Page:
6. While driving home on a narrow, winding road with double white lines and a “No Overtaking” sign, a car in front of me overtook the car overtaking another car. I am constantly astonished by what I see in Italy.

  7. Hi. My wife and I were in Italy in April-May this year. We used public transport and hired a car for a week from Firenze and returned it in Roma. It was a diesel automatic and believe me an auto is essential if you are not used to LHD. It is bad enough having all the car on the “wrong” side of you, (the driver) without having to remember to change gear with your right hand. We drive a Golf here so the indicators and wipers are in the same place on the steering column in the LHD car. There is a lot to think about but you soon get used to it.

    The other thing that I found essential was a GPS. You can rent them with the car at a cost of 10 euros per day. We didn’t. Big mistake. We bought one 3 hours after picking up the car, having got lost for the 99th time. We found out that the loaded map was old and we could not use the free update offer as we had no access to a computer or the net. We ran out of time trying to get to Bagni de Lucca using the map hence the GPS. The GPS map had old road junctions since replaced by roundabouts and even in one case a flyover, but it was a great improvement over the Michelin Guide. Finding car parks in places like Arezzo or the hotel we had booked in Perugia was was a doddle.

    The biggest problem I had was getting onto the Autostrada which are toll roads. Firstly the language and getting onto the sliproad going in the right direction. (All roads seem to lead to Firenze. I lost count of the number of times I found it in front of me and had to get off to go the other way). Secondly, curving around the sliproad with traffic behind us and getting into the “bigletti” lane. Twice I had to back up and drive across 6 lanes to get into the right one with cars coming at me! It should be simple but I found it very confusing at times.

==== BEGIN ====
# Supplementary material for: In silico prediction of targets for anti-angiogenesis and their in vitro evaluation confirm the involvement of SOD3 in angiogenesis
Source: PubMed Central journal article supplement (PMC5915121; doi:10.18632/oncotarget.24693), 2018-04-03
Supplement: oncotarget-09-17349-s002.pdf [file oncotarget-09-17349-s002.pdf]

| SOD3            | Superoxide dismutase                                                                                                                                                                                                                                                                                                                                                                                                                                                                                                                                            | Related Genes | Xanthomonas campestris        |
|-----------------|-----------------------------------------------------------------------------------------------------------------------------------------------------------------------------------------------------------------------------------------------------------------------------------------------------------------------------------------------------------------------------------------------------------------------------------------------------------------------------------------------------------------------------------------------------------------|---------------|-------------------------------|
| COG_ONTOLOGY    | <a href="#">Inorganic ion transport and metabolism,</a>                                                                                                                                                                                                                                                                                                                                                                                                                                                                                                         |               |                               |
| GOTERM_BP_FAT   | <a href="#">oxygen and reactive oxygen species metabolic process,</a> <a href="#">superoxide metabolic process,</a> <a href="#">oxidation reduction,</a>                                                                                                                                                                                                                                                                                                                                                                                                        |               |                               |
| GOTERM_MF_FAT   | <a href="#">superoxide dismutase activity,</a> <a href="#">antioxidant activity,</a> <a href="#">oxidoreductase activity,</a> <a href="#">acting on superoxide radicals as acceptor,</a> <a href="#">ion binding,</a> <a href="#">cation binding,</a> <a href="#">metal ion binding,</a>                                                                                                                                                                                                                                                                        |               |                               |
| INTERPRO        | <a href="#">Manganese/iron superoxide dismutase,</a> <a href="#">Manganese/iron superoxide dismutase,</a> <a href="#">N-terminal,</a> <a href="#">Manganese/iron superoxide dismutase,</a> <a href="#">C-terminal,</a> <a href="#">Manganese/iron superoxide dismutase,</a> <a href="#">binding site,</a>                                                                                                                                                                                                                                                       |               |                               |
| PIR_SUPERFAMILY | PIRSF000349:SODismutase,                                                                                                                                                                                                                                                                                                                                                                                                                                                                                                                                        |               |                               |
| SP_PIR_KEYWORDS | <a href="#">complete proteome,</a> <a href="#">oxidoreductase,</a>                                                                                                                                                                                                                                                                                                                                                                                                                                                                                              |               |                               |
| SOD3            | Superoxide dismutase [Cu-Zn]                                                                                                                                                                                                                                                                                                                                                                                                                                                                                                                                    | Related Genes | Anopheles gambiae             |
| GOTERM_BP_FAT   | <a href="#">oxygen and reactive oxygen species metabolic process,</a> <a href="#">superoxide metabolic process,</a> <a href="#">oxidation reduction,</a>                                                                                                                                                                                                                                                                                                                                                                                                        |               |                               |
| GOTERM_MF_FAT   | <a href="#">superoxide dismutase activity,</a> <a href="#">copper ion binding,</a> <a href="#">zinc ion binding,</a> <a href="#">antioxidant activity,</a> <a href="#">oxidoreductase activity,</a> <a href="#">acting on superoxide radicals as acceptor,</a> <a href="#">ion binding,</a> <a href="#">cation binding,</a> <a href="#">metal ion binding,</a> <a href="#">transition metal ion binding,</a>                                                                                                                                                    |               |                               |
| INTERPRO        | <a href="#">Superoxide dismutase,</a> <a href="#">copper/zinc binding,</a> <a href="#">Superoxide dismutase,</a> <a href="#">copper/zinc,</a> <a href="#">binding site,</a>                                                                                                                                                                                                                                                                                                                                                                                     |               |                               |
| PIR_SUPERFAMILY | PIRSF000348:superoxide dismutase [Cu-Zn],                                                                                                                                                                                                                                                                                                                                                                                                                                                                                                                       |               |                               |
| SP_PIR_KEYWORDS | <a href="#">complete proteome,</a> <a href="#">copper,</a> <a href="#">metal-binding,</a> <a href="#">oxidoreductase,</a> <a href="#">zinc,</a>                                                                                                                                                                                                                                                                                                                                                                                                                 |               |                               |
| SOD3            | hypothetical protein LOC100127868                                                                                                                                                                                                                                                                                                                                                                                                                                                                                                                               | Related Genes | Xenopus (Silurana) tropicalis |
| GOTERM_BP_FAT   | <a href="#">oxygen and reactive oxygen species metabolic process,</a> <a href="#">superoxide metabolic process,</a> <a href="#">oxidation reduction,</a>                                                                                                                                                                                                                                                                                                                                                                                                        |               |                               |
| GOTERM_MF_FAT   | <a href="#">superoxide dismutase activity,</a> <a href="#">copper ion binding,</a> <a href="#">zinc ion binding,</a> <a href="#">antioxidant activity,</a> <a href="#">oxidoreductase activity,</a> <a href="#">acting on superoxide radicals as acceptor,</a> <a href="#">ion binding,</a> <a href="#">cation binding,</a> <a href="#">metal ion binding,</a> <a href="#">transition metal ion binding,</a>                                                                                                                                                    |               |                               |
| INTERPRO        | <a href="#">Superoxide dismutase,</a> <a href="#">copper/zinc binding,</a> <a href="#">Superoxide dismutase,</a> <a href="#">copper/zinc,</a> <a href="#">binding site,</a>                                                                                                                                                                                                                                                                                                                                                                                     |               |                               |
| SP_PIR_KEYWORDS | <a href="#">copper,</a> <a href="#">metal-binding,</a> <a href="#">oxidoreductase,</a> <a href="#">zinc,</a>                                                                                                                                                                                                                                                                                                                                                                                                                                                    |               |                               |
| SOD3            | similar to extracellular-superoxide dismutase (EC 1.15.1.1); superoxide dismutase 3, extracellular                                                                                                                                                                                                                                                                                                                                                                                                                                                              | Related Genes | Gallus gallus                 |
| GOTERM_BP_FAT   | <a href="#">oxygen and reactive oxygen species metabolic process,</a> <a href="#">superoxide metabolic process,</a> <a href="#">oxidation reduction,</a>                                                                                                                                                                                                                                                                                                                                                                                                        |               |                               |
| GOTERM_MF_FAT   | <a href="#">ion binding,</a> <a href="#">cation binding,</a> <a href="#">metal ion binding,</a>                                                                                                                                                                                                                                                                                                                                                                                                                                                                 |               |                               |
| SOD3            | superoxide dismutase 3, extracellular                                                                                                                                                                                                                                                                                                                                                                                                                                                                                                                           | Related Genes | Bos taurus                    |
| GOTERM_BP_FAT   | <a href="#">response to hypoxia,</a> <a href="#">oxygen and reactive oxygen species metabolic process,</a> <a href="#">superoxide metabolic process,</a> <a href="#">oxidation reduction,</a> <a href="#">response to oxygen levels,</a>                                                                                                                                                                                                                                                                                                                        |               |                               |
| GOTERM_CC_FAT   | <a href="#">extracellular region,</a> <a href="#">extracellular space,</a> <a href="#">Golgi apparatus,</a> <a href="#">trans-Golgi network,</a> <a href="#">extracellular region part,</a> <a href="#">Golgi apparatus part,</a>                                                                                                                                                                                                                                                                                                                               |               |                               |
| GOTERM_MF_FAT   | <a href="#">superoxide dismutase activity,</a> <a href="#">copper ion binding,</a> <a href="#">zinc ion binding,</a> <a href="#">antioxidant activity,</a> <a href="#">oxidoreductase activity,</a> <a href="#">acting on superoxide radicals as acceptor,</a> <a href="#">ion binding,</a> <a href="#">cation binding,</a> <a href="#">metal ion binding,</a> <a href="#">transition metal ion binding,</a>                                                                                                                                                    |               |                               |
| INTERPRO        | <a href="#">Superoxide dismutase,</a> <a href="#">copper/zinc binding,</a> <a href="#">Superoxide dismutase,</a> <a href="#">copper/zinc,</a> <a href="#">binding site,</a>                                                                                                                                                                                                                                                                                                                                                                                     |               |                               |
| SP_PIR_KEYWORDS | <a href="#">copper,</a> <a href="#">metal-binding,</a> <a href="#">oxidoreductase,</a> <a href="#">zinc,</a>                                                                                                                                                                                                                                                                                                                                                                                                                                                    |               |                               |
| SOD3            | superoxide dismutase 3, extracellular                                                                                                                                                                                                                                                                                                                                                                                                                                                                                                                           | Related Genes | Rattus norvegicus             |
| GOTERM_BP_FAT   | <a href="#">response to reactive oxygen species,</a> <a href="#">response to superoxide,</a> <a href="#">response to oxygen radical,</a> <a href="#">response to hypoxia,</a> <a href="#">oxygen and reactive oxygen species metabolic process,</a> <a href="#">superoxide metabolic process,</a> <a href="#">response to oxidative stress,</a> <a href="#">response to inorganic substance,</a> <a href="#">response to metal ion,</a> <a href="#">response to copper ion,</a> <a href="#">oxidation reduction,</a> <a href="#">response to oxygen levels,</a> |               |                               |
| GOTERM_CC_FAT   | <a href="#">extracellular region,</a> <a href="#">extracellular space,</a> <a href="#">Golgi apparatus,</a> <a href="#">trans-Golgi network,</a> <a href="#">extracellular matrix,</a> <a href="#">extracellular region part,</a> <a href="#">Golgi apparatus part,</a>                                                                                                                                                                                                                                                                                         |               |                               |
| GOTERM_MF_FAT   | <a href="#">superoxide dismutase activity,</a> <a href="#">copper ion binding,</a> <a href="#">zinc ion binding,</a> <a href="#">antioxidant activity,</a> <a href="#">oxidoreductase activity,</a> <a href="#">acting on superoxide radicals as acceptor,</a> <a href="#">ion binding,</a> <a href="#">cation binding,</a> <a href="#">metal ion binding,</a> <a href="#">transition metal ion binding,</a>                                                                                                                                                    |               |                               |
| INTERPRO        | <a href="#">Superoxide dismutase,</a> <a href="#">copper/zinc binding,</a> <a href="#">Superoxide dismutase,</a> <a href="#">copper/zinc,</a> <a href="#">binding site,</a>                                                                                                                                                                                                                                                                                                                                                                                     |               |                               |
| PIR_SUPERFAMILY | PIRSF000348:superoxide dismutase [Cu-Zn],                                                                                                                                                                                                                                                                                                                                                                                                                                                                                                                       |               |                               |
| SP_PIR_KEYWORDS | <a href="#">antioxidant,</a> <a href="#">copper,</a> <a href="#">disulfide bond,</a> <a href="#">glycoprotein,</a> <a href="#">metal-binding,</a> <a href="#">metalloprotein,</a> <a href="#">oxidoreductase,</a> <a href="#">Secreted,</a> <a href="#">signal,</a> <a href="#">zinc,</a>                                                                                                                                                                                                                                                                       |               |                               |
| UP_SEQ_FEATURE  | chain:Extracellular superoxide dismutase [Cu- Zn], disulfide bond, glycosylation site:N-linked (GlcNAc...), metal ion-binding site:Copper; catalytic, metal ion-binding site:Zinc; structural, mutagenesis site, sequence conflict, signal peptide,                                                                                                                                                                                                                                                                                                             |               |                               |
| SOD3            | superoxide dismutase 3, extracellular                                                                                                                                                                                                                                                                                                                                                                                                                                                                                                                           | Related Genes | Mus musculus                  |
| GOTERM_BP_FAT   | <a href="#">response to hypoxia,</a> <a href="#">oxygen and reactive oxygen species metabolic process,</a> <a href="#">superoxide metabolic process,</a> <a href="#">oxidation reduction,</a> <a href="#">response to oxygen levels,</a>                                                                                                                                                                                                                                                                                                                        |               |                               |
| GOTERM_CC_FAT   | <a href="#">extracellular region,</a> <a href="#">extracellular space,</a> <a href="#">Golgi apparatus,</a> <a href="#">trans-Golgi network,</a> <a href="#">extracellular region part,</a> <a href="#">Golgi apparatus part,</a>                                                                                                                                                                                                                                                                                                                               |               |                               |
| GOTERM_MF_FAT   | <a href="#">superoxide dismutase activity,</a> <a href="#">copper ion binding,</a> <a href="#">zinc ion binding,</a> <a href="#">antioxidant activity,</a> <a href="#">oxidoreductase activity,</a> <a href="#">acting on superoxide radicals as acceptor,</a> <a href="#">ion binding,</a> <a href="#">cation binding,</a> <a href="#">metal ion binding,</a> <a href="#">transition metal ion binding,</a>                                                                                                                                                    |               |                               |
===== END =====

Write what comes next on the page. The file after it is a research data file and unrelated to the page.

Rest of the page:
The Italian drivers can be very inpatient making a second lane beside me when the white lines say otherwise, but I found them very forgiving. They frequently don’t signal lane changes but they stay in the slow lane until overtaking then get back in to clear the fast lane. Trucks likewise. Queensland drivers could learn a few lessons here. Other main roads are fine but finding a parking space in small villages off the beaten track can be difficult, especially on a Sunday. On Sunday 2nd May after a dry spell it rained and we came across the results of 3 single vehicle crashes and one shunt, all in the space of ten kms. They were the only accidents we saw in 5 weeks. Odd.

    I will save “Trains” for another time.

    • Hi Colin,
      It sounds as though you had an interesting time driving in Italy. I can be terrifying, but it does get better with time. We also found the Autostrada entrances difficult at first and a GPS does make things easier, but there is sometimes a problem with new roads. You have to have your wits about you at all times.

  8. […] here for another story about driving in Italy. It also involves a green […]

  9. Just curious what you do with your car when you are not in italy…is it parked in a garage, storage or left on the street? I am interested in buying something, but we wander if we will need a car and can’t figure out what we would do with it if we are not around? We are Americans living in Japan, but longing for a European life! Love your blog and have many questions I would love to ask and might just send you an email.
    Have a great day!

    • Hi Rene, We park our car in a friend’s garage when we are not here and we suspend the insurance. I will be back in Bagni di Lucca next week. Please do send me an email with your questions. We are travelling in Spain just now and email access is a bit limited.